father of waters." This battle took
place at Mill Creek, in McDowell
County, in this State, on tho 17th
April, 1SG5, and was a success to the
Confederates-delaying Gen. Gillam,
who had "as many thousands as Col.
Love had hundreds," and causing
the enemy to take another route to
Asheville, then the headquarters of
the military district, known as the
"Western District of North Carolina."
Subsequently to this, however, Col.
Love liad a skirmish with Col. W. C.
Bartie!t, commanding United States
forces in Haywood County, on the
Gth of May, 18(15, and negotiated
terms favorable not only to his own
command, but to the citizens of thc
district, in the surrender on the day
following, at "Alman's Mill," which
terms were confirmed by Brig. Gen.
J. G. Martin and Col. W. H. Thomas.
This was the last regular surrender
this side of tho Mississippi River
Gen. Dick Taylor surrendering on
4th May, 1805.
Richard Cobden has been done
in marble, and tho statue will bf
placed at the entrance to Camden
The number of passengers carrie?
on the New York city railways fron
January 1 to June 30 was 95,371,800.
Slin.11 we Encourage Home Miinnfuf
Everybody says aye to this; but
few agree as to the extent of so -doing.
Each trade and profession urges that
this be done as to its own products,
and denounces tho going to any
foreign or distant domestic point,
oven when better or more cheaply
done there. Yet few, vcr;- few, if
any, make it a point to buy all the
things they oat or weai or use of home
production or manufacture.
Some time since, we met an old
friend, a foundry man, and asked him
how he was doing in business. His
reidy Avas, that when he proposed to
build a man an engino for $1,450,
the reply was I can get it in New York
for Si,400. Reflecting on this, tho
next time we saw our friend, we said
to him, "You must mako that engine
for tho man for $1,400. The only
way wo can build np home manufac?
tures is by competing with other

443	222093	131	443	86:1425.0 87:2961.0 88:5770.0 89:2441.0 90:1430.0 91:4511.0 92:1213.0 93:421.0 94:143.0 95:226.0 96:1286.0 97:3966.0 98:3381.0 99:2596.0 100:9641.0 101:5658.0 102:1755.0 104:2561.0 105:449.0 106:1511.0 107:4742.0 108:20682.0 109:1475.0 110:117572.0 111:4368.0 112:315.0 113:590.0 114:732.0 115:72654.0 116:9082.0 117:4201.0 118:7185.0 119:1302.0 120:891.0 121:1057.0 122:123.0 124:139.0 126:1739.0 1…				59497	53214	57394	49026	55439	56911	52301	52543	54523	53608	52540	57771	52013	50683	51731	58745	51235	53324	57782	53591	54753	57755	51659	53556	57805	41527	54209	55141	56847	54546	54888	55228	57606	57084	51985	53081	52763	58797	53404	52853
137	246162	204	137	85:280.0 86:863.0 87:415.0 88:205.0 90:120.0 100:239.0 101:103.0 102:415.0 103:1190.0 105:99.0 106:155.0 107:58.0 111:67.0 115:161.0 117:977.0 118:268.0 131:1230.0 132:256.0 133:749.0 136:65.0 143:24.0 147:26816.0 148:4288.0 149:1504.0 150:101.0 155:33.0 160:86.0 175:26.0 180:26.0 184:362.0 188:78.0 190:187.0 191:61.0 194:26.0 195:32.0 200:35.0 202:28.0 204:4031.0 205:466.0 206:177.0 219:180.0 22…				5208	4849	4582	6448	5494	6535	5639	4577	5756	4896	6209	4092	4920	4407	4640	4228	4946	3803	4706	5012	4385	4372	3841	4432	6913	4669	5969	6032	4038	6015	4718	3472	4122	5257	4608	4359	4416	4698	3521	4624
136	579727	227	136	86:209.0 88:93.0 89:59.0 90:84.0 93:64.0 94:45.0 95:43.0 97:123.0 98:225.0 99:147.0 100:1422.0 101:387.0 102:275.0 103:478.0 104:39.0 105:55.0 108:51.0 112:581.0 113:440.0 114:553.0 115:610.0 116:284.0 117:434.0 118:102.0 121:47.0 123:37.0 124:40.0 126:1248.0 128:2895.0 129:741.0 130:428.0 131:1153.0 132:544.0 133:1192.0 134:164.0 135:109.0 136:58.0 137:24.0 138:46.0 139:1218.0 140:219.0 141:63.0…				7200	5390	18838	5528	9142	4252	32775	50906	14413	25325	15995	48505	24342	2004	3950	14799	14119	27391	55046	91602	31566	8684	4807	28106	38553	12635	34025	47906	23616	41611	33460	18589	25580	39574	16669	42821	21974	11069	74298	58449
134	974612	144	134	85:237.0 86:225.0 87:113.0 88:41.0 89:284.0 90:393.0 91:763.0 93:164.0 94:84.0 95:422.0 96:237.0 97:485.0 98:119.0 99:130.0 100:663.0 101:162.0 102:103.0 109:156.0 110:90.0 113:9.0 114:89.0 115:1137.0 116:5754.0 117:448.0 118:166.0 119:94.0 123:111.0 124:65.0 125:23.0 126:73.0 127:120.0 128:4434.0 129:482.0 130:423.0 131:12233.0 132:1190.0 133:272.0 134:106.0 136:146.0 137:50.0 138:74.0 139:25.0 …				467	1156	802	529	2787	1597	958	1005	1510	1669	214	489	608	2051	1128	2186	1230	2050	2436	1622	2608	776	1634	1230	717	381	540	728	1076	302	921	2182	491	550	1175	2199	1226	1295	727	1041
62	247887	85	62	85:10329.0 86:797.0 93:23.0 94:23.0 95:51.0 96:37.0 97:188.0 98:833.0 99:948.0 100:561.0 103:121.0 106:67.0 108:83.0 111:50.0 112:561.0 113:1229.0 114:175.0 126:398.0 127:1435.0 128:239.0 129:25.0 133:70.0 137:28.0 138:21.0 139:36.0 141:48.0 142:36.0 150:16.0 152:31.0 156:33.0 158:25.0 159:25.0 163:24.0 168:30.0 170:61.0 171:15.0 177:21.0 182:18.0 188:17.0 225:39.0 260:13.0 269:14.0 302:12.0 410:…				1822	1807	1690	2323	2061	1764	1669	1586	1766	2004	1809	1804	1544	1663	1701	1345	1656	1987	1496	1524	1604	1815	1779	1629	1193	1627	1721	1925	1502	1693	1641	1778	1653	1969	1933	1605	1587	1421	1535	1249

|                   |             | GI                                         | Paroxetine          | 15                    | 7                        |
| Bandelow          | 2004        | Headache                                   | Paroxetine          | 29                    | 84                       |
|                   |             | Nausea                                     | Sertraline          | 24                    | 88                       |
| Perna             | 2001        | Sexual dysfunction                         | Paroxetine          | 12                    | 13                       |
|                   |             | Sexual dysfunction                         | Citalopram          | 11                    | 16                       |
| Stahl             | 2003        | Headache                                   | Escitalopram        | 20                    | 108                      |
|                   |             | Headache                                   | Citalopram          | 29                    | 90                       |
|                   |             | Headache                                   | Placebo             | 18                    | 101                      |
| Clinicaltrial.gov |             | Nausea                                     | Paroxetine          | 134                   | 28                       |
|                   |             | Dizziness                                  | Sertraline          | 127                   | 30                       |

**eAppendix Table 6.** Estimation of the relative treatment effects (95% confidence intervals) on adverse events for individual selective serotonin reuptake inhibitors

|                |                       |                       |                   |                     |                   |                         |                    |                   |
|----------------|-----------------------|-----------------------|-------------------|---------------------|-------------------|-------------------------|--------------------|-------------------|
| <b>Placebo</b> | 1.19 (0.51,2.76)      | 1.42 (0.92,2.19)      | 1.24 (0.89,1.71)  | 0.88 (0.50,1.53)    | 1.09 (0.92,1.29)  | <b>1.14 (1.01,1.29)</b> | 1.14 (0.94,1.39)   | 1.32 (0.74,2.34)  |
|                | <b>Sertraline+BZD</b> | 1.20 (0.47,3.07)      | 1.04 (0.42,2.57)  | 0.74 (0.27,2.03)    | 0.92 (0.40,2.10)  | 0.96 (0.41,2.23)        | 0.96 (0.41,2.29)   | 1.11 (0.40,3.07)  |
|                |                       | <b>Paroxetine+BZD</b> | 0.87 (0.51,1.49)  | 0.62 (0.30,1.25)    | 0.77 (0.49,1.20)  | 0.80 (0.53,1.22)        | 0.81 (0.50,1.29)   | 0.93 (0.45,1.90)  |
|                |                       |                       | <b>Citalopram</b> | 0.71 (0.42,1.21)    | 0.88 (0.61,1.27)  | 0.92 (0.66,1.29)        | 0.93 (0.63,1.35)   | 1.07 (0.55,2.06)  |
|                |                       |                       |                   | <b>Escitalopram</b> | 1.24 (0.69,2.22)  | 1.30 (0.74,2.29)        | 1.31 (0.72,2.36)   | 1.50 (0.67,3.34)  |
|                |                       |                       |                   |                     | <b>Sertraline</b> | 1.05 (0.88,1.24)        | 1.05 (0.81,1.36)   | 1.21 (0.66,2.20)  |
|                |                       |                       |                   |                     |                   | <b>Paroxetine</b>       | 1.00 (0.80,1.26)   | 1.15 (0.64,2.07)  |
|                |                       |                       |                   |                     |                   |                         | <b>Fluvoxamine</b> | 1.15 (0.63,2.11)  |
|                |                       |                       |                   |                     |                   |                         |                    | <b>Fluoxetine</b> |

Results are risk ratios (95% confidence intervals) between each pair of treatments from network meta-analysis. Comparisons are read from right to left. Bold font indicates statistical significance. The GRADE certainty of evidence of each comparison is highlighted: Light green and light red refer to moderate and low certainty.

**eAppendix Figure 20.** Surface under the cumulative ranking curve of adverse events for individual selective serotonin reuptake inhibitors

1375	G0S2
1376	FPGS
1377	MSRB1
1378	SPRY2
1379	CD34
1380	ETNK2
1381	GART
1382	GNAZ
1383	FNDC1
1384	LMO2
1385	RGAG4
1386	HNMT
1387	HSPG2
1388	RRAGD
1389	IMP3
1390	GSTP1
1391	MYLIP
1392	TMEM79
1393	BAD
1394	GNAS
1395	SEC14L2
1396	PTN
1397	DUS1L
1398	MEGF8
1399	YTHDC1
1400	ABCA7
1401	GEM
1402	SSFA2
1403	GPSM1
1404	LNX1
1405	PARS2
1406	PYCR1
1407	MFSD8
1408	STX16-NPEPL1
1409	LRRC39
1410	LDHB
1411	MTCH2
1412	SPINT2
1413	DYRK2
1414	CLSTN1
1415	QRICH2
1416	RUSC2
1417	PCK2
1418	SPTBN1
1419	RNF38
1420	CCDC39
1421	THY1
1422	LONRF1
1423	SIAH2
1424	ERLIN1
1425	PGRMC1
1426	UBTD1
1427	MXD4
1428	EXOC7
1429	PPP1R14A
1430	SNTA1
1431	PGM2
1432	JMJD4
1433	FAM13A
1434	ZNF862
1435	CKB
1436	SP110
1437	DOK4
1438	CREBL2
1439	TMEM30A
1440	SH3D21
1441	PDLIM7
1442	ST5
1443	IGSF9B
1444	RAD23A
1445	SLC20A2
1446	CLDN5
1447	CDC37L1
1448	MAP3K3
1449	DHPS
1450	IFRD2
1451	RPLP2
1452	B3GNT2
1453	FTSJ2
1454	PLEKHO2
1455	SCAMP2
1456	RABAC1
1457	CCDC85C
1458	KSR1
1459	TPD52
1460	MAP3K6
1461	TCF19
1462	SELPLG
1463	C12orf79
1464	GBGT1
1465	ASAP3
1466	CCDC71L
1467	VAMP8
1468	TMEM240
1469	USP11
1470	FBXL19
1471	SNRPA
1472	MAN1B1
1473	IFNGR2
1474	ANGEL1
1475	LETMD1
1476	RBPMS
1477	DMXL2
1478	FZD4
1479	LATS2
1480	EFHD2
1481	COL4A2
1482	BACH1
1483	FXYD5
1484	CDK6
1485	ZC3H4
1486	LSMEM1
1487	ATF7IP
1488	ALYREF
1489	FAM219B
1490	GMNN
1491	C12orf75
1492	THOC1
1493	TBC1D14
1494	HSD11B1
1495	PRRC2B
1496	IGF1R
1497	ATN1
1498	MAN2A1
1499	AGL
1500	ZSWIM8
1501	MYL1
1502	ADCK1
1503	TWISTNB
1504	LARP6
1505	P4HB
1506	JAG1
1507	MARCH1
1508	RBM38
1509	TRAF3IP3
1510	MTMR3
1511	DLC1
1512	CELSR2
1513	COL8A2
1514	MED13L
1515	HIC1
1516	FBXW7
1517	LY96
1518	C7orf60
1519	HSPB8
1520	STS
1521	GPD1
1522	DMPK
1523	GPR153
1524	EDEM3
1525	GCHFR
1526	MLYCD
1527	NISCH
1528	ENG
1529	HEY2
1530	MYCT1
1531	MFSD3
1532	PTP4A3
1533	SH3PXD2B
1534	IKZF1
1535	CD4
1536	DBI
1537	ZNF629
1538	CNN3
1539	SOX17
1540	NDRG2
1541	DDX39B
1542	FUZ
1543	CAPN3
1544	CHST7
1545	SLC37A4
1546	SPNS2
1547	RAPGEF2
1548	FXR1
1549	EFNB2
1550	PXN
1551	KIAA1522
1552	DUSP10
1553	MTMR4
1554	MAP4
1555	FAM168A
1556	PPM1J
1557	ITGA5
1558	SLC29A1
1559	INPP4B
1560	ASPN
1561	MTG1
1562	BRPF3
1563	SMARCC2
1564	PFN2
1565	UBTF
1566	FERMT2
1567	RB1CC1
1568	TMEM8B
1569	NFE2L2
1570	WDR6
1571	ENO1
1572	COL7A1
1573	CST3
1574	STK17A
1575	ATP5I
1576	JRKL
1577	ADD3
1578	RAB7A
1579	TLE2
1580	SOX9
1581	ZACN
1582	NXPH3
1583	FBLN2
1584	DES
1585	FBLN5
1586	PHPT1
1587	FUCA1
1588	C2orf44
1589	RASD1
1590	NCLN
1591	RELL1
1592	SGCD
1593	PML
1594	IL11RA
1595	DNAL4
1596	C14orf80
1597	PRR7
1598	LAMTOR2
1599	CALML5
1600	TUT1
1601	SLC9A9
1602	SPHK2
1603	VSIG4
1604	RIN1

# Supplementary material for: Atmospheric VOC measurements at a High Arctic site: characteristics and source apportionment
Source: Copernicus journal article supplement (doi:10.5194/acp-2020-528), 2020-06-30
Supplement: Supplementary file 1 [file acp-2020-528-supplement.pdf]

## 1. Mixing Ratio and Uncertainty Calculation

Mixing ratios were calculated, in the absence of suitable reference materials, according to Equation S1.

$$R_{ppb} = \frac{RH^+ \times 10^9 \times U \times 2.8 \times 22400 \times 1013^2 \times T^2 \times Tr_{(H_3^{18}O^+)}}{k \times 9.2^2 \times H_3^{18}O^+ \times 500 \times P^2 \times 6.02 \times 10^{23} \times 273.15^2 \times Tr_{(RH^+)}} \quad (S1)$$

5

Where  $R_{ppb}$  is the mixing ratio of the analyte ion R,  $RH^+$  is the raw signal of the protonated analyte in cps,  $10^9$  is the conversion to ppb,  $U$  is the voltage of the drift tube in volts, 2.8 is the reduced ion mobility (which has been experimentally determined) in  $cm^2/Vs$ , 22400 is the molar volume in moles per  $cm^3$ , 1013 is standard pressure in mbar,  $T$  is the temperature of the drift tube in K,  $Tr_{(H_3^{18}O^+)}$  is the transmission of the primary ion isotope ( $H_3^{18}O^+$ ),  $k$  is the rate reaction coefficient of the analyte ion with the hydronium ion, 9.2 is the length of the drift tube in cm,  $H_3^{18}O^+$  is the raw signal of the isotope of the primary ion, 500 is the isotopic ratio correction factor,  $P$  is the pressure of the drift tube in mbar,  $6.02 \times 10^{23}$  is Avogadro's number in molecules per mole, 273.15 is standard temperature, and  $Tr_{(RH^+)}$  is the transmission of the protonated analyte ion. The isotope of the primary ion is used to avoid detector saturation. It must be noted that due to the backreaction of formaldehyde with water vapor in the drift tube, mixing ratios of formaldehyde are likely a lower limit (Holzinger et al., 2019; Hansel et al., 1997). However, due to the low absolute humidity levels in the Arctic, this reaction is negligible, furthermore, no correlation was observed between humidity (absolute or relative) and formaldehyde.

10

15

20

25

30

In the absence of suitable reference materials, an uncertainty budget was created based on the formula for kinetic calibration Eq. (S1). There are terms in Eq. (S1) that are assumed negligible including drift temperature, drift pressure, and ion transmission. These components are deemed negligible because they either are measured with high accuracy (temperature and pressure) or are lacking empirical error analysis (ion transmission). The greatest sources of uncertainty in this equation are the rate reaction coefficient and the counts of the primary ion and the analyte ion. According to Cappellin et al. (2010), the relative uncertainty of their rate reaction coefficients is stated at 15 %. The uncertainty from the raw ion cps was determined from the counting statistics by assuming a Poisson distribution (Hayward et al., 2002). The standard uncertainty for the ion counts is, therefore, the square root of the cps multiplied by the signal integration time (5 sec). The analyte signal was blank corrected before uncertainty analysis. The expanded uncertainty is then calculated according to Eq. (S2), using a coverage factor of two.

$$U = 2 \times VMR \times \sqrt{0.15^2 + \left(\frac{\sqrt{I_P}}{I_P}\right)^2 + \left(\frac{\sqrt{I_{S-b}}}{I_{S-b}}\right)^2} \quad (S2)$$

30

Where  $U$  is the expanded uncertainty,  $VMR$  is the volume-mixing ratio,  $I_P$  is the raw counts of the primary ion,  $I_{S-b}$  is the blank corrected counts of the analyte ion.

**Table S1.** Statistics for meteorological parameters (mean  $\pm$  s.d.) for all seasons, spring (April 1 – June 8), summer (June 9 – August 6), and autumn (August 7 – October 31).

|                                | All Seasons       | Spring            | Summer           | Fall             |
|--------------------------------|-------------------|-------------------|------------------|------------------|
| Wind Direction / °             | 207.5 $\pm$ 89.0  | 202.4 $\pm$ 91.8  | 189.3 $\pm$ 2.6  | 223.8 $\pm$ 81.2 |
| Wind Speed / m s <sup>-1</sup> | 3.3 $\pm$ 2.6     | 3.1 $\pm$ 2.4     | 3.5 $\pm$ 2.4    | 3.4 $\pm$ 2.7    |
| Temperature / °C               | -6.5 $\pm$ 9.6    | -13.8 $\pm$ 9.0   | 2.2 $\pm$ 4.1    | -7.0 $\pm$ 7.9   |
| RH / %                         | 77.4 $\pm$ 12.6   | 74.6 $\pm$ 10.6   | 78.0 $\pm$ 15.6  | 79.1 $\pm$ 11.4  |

sources of supply, even under-selling
them if possible."
He acted afterward on our advice,
and made some contracts profitable to
himself and to the parties he seiwed,
and now both he and his customers
aro satisfied with one another, the
one moderating his prices, and thus
getting employment, and the other
rinding that the loss of time and the
various contingencies in ordering
things from the North, make it cheap?
er and more convenient to get them
Our Southern journals, in com?
mending a certain magazine publish?
ed South, have, with considerable
unanimity, deprecated the fact that
it was printed in New York. But
tho State whence it hails has never
yet had that, practice in book work,
nor is it supplied with the material
needed to give thismagazine the neat
and tasteful appearance; so much
prized. We might do this in New
( )rleans, but we are " out of tho way..
Besides, the cost would be far greater,
even for indifferent work, in North
Carolina than in New York. Must
the gifted and gallant editor and pub?
lisher impoverish himself and imperil
his success, that a few workmen may
earn extra wages for inferior work?
Beside?, who ol' these grumblers
practices that, he preaches? When do
you find them clothed in copperas
dyed, or as our Northern war writers
called them, butter-nut colored
clothes, the work of Southern looms,
when they can buy broadcloths, cassi
meres, or even satinets, of Northern
make, at tho same figure? When
those who complain that those in
other trades and professions do not
pay them higher prices, for perhaps
less durable, or at least less comely
wares, do themselves avoid buying
and using things made out of their
section, then let them begin to throw
But we can manufacture as cheaply
as at tin; North, and we can learn to
do it as well; but we can never receive
the full value of encouragement until
we resolve to charge, at the least, no
more. Those things, like cotton and
woolen goods, leather, wooden-ware,
even machinery, the materials for
which are to lie found within our own
borders, we can manufacture and sell
cheaper than they, if we do not ask
more for our labor.
[JV';ir Orleans Picayune.
Tul? THREE PHILADELPHIA CONVEN?
TIONS.-We copy the paragraph below
simply as a specimen of the off?
hand manner of a "leading New York
journal," in disposing of matters
which it happens to disapprove:
."The three Philadelphia Conven?
tions have all been failr fes. The first
was a conservative convention of De?
mocrats and Johnson Republicans.
That has been entirely broken down
in New York by tho bad faith of the
Democrats in adhering to their old
party lines and organizations. The